How to Proactively Defend Against WannaCry and Other Ransomware Attacks

Grant Ho
By Grant Ho May 15, 2017 4 minute read
Grant Ho is SVP, Global Marketing at NetBrain Technologies and responsible for leading the company’s marketing strategy and execution. This includes corporate communications and brand, media and analyst relations, product marketing, digital and content marketing, and events. Prior to joining NetBrain, Grant held various marketing leadership roles in the healthcare IT industry and began his career as a strategy consultant to wireless and enterprise software companies. He was born and raised in Toronto and currently resides near Boston with his wife and two kids.

The ransomware attack that began affecting hundreds of thousands of organizations across the world on Friday is a scary reminder that networks remain under constant threat.

In this attack – dubbed WannaCry or WannaCrypt – malware locks files and asks for payment to unlock them. The impacts of the ransomware attack are massive as FedEx and other major companies have been targeted, while hospitals in the U.K. were forced to turn patients away at points because of the attack. It’s estimated that 20 percent of all U.K. hospitals were affected.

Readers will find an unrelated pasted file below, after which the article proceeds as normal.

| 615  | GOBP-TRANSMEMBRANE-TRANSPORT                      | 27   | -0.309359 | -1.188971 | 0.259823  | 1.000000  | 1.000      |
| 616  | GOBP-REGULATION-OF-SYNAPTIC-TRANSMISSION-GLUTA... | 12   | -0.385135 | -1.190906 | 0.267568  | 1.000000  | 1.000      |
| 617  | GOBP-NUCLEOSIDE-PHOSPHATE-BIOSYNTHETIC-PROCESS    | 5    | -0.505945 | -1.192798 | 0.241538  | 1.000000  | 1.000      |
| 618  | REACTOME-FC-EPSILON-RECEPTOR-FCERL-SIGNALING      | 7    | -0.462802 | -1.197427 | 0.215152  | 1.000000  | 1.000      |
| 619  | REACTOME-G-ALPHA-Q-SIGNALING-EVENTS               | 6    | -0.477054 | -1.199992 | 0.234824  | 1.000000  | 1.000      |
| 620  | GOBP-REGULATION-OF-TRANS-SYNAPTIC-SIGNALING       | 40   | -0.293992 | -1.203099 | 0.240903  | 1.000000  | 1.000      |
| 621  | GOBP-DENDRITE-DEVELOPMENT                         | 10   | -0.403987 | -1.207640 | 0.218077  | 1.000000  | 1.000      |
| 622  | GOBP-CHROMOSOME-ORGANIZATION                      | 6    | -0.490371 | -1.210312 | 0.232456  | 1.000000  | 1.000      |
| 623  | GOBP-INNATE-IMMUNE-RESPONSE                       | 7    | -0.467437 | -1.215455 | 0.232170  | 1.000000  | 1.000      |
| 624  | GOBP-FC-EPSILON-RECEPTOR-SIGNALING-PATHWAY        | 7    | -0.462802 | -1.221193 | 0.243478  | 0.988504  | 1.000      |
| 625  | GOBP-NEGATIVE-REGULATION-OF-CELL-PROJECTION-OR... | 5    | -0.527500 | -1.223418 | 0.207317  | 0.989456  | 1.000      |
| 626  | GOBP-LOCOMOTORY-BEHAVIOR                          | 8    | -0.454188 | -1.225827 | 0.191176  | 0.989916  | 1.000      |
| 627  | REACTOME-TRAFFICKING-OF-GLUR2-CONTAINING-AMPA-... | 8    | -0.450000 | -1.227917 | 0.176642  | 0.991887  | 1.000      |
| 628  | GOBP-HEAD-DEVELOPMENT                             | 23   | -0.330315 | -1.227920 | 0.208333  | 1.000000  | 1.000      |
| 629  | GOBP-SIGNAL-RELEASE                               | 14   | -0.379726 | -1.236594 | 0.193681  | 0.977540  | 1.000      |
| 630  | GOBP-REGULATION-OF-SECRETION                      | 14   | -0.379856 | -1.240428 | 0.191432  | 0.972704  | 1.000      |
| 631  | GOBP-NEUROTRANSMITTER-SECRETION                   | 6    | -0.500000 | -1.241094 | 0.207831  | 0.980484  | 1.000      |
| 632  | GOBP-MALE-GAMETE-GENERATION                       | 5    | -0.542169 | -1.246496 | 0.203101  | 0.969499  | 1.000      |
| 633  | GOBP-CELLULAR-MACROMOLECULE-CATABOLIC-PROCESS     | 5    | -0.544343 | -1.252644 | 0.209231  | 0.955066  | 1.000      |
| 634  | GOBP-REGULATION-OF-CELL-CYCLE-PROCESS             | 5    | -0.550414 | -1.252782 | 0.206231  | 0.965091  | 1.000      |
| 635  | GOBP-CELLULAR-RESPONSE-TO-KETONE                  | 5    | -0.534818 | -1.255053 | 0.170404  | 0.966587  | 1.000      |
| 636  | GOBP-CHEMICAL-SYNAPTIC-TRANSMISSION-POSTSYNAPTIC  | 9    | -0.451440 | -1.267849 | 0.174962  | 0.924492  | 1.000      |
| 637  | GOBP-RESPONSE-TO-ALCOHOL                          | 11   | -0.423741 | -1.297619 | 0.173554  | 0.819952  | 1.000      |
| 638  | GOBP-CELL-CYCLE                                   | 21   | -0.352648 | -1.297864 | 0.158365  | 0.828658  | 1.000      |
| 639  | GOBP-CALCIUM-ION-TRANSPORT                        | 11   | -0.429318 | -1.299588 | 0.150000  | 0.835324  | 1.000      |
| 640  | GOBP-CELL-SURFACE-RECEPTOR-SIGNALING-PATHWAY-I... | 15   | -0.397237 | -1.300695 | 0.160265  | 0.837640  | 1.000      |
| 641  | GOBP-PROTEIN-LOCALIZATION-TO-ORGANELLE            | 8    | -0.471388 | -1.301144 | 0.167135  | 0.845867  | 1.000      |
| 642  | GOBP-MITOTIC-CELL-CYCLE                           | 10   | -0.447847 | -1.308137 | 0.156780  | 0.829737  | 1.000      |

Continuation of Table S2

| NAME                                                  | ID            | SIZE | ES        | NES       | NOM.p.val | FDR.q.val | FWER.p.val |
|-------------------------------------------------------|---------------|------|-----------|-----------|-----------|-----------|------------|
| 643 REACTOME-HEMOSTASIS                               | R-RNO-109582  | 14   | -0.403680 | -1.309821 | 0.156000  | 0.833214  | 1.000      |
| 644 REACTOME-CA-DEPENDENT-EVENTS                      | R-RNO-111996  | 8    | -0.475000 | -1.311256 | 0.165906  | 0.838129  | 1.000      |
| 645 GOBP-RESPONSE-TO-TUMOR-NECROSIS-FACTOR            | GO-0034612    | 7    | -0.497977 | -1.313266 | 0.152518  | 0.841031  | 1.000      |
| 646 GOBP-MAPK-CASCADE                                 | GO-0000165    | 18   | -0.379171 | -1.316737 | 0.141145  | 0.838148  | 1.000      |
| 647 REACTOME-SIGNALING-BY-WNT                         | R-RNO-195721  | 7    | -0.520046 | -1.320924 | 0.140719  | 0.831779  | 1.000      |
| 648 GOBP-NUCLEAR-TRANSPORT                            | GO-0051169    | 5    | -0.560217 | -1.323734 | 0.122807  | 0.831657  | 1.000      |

Ransomware

While organizations are dealing with the ongoing impact of WannaCry, it’s worth looking at how networks can be set up to best prevent malware attacks like this.

The Department of Justice notes that “proactive prevention is the best defense” when it comes to ransomware. While this is undoubtedly true, many of these prevention tactics required of organizations remain very manual. Unfortunately, slow, tedious and preventative work is often the last thing that gets completed by a network team, even if it’s something as critical as hardening against ransomware attacks. As the DOJ notes, proactivity is critical when it comes to cyber-attacks and there are several “golden rules” that every network team should follow.

Network security has become a dynamic art, with dangers appearing as fast as black hats can exploit vulnerabilities, and network teams need preventative measures that can be adapted quickly and easily. There are three key phases to hardening against network attacks: